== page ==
Stanley "Buckwheat" Dural Jr. wouldn't be strapping on his big, piano-style accordion at this weekend's New Orleans Cajun-Zydeco Festival (June 11-June 13) at the Old U.S. Mint if it weren't for the late great Clifton Chenier.
"I got a call from the King of Zydeco, Clifton Chenier," says Dural, 62, of the day in 1976 that would forever change his musical direction. That call eventually led Buckwheat Zydeco earning not only international recognition but this year a Grammy for his excellent album, Lay Your Burden Down.
Growing up in Lafayette, Louisiana, Dural was urged by his father, a push-button accordionist playing what was then called Creole or La La music, to take up the squeeze box and play zydeco.
His son, who as a child would often "bang" on one of the family's three pianos — in the house, on the porch, and in the garage — constantly rejected the suggestion. His attitude was, he says, "Not no, but hell no." At age nine Buckwheat's brother bought him a Farfisa organ and he believed the keyboard would remain his main ax.
In the late 1950s, Dural manned the instrument behind such noted artists as Joe Tex and Clarence "Gatemouth" Brown before forming his own organ-driven group Buckwheat & the Hitchhikers in 1971. It was an impressive 15-piece funk band that included vocalists as the leader had yet to start singing.
When Chenier asked Buckwheat to play organ with his band, Dural thought it was a set-up as his father and Chenier were best of friends. He remembers that he felt very negative about the accordion and zydeco having listened to his father play every morning, at lunch breaks and after work. "That was enough for me," he says.
"But I thought about it (doing the date with Chenier) and said, 'I'll give it a shot.'"
Dural's plan was to bring his organ, he was playing a big Hammond B-3 by this time, and put it in his van, play the gig and then put it back into the van. "Then I could say, well, I played zydeco and I still don't like it," he remembers with a laugh. "I think I'm tough, you see, and I wanted to play organ like (jazz musician) Jimmy Smith."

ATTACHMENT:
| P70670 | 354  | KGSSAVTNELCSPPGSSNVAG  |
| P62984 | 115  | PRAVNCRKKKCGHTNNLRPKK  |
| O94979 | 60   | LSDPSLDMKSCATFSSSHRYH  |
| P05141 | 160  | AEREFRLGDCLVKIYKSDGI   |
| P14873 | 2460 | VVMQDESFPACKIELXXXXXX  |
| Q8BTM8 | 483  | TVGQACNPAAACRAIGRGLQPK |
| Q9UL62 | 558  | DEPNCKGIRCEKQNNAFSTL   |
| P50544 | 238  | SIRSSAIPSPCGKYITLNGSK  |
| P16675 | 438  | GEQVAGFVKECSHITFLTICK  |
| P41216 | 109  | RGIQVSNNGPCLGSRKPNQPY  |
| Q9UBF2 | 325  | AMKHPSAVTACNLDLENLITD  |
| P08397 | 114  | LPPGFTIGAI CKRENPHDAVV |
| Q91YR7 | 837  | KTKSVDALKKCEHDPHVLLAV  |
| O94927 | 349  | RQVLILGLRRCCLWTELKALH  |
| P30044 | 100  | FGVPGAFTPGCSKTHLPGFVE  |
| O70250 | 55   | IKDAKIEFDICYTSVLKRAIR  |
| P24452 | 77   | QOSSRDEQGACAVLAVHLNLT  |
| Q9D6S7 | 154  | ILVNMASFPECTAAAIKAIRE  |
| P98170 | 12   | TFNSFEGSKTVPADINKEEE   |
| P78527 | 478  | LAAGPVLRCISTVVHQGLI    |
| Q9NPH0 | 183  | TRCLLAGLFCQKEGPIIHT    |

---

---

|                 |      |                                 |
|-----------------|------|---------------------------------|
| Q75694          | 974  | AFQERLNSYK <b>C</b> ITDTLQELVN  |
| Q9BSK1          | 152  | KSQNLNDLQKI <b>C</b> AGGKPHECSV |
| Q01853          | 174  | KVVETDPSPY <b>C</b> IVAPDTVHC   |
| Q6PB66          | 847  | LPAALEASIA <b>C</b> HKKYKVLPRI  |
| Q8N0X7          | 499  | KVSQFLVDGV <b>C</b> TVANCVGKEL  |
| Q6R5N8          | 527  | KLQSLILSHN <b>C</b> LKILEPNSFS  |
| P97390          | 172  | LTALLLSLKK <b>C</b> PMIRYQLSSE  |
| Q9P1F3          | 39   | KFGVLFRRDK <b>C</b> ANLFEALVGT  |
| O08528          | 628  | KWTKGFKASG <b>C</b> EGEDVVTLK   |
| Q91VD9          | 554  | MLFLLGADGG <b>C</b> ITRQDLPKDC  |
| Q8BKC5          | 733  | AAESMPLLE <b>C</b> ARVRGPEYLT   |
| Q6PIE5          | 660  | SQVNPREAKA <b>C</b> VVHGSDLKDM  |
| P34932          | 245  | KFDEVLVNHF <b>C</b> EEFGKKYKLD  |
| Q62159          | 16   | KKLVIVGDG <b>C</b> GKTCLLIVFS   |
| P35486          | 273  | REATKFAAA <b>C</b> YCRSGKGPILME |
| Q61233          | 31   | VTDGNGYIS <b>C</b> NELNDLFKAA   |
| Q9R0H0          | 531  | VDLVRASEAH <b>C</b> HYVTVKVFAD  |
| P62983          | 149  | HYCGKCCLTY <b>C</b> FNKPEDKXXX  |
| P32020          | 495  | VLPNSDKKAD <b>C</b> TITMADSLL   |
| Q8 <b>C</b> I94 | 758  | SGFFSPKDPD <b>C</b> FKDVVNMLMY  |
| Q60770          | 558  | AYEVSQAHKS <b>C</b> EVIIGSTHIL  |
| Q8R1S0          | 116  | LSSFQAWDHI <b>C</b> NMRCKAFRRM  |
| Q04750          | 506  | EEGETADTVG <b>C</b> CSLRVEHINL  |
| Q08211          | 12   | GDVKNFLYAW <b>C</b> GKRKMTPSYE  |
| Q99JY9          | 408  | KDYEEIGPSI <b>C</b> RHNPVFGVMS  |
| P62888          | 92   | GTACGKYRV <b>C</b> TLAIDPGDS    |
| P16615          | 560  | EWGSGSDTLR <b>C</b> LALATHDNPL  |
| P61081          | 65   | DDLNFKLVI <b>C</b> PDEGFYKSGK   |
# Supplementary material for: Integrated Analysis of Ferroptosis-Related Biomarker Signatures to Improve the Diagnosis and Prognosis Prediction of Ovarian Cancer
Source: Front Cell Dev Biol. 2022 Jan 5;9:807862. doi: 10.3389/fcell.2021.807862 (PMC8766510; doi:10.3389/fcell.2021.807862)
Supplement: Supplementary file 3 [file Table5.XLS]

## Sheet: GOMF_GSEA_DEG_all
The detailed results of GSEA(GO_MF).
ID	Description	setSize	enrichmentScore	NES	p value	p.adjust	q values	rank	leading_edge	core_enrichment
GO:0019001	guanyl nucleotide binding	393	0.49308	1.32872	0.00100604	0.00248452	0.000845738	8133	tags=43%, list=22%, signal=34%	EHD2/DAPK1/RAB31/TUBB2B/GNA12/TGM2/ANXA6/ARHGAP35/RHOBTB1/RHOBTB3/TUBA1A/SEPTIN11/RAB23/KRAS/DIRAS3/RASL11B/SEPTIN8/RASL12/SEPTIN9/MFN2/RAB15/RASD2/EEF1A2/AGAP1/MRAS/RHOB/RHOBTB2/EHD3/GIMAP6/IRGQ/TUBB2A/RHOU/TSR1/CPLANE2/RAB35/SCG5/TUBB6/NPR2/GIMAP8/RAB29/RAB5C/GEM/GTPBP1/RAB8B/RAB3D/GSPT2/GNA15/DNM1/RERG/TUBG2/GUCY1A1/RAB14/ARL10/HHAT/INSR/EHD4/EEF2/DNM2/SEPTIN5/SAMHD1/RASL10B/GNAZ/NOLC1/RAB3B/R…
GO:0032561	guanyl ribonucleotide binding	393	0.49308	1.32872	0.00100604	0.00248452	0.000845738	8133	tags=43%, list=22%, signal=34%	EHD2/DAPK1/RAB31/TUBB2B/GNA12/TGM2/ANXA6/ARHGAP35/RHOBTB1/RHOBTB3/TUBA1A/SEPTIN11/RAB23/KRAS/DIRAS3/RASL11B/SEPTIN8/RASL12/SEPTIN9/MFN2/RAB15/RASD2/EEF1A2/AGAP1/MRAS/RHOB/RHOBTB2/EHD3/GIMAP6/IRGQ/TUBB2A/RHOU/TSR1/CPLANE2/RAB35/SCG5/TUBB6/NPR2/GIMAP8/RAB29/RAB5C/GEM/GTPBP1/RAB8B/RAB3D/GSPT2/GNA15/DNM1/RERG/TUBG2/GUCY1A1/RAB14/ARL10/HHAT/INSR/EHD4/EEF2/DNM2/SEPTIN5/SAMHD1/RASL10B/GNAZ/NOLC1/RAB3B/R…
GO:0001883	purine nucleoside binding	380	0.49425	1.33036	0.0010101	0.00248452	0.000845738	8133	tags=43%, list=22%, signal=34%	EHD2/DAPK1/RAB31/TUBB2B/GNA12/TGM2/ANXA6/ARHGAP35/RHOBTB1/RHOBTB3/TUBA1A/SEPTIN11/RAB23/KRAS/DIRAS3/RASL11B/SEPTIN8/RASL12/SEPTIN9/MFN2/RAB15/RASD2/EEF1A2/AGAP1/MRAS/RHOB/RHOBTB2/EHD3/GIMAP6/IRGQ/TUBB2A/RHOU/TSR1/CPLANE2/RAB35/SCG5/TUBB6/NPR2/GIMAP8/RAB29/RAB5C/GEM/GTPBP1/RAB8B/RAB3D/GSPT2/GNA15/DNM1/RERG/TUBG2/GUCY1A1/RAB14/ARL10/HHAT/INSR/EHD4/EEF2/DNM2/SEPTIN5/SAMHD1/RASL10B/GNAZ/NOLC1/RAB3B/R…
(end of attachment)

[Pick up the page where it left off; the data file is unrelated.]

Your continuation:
But playing with Chenier changed his mind. "He was dynamite, man," Dural recalls adding that he'd never heard a piano accordion except on the "Lawrence Welk Show."
Dural spent the next two years in Chenier's band. Thus influenced, he took a year off to woodshed on the accordion before forming his own zydeco band, which most people know as simply Buckwheat Zydeco. Dural not only took up the accordion and began singing but for almost 20 years he abandoned the organ. It wasn't until about five years ago that he started to incorporate it in his performances and recordings.
"I always found myself running to the organ, you see, and I wasn't giving enough time to the accordion," he explains. "I said, 'I know what I'm going to do about that situation, I'm going to park the organ.'"
On 2009's Grammy-winning release, Lay Your Burden Down, Buckwheat returns heavily to his roots playing an almost equal number of tunes on the organ as the accordion. He also explores many styles outside of the rhythm and blues type of zydeco that's driven his successful career and earned him four previous Grammy nominations.
"The Hammond B-3 is where I come from," says Dural while he acknowledges that audiences remain surprised when he steps outside of his expected format. There are also more cover tunes on the CD than found on any of his previous releases. Many of those songs come from the pens of unexpected artists and some delve into territory rarely explored by the zydeco man. Lay Your Burden Down stretches to even open with a rock tune made famous by Led Zeppelin, "When the Levee Breaks," which features the stinging slide guitar of Sonny Landreth.
"For me to do a cover — I have to feel it," Dural says. "I have to do something that's gonna help a song and not take away from the song."
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Geraldine Wyckoff is a contributing writer for The Louisiana Weekly.
Photo from The Louisiana Weekly.